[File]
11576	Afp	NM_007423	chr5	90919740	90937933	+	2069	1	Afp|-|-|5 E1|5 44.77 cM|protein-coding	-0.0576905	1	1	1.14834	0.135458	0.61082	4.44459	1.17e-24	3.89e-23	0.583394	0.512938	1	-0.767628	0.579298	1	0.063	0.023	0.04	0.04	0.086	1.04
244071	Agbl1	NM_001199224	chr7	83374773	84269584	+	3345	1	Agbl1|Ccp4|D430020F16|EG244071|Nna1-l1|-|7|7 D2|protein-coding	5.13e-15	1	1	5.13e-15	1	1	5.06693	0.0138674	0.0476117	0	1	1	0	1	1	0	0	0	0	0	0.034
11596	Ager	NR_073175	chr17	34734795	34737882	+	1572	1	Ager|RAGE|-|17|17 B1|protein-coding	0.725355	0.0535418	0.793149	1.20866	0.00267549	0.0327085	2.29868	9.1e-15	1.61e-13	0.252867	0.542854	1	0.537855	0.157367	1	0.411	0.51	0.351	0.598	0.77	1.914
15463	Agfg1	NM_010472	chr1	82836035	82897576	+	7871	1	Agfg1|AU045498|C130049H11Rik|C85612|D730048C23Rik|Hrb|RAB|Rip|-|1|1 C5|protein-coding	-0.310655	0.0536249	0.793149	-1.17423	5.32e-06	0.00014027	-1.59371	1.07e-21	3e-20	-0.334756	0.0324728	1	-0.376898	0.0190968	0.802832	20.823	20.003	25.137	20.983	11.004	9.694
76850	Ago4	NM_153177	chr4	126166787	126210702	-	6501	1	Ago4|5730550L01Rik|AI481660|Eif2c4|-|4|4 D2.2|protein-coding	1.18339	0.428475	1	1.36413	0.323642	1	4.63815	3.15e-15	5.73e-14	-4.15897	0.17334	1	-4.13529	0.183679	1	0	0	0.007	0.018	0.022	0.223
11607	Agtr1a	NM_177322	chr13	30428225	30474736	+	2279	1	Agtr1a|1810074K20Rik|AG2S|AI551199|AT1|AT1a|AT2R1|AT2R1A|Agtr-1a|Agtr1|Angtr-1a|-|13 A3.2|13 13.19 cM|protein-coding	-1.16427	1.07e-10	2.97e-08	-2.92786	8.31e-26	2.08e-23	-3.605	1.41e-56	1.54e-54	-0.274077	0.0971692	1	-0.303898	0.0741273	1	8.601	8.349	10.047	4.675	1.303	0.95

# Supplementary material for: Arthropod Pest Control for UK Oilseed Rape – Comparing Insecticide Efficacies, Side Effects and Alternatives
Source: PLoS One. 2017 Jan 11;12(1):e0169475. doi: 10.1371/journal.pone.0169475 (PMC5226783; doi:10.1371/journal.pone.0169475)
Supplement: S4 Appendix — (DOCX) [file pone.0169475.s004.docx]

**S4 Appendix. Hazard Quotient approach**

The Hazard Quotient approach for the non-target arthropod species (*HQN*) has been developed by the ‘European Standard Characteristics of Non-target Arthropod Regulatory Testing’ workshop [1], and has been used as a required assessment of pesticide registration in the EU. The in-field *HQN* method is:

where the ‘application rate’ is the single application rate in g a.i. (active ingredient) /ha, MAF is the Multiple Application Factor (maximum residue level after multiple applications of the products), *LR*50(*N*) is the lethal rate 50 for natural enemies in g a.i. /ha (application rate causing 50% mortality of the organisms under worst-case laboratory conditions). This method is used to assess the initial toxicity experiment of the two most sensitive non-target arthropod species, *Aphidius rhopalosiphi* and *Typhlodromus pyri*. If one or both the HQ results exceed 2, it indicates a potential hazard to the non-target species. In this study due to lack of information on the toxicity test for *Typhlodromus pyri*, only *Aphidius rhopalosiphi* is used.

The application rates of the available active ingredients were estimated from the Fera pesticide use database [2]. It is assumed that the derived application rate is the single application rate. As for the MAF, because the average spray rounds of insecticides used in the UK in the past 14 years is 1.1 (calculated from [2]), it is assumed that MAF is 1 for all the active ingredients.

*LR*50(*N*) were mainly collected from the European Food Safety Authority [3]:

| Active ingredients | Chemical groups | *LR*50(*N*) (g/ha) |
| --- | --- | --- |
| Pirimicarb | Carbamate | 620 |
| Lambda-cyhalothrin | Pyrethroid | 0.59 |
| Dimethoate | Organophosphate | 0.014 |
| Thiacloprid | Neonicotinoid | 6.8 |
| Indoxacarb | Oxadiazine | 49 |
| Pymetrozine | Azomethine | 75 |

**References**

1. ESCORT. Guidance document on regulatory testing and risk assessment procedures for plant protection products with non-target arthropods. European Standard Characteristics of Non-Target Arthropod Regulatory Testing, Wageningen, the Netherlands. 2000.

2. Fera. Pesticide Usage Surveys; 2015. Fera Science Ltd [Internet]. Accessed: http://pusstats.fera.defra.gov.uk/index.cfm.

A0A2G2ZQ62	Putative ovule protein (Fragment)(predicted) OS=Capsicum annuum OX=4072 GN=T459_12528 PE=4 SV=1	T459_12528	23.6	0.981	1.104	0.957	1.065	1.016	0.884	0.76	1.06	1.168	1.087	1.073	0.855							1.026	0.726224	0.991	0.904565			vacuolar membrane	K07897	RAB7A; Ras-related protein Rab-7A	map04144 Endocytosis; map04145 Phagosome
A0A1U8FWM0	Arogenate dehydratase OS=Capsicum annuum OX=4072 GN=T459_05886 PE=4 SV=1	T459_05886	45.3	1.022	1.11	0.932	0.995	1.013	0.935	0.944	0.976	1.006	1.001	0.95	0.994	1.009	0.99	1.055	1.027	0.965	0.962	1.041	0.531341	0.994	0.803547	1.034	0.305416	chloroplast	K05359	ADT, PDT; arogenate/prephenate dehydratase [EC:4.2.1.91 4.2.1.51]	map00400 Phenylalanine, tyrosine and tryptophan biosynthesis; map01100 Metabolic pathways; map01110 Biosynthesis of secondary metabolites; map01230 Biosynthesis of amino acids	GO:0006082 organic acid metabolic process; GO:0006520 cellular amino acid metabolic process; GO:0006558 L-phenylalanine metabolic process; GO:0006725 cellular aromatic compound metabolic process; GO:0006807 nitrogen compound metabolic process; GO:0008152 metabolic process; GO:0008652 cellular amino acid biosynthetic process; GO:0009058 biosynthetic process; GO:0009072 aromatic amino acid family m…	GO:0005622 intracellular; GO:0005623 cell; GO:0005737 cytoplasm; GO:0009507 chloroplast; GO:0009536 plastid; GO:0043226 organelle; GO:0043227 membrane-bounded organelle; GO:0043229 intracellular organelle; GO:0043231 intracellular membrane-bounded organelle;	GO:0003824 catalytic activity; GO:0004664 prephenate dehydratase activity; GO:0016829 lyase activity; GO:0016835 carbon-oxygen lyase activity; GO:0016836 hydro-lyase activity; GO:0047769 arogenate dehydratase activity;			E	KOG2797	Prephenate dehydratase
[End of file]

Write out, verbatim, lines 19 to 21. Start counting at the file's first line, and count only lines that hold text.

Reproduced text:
| Dimethoate | Organophosphate | 0.014 |
| Thiacloprid | Neonicotinoid | 6.8 |
| Indoxacarb | Oxadiazine | 49 |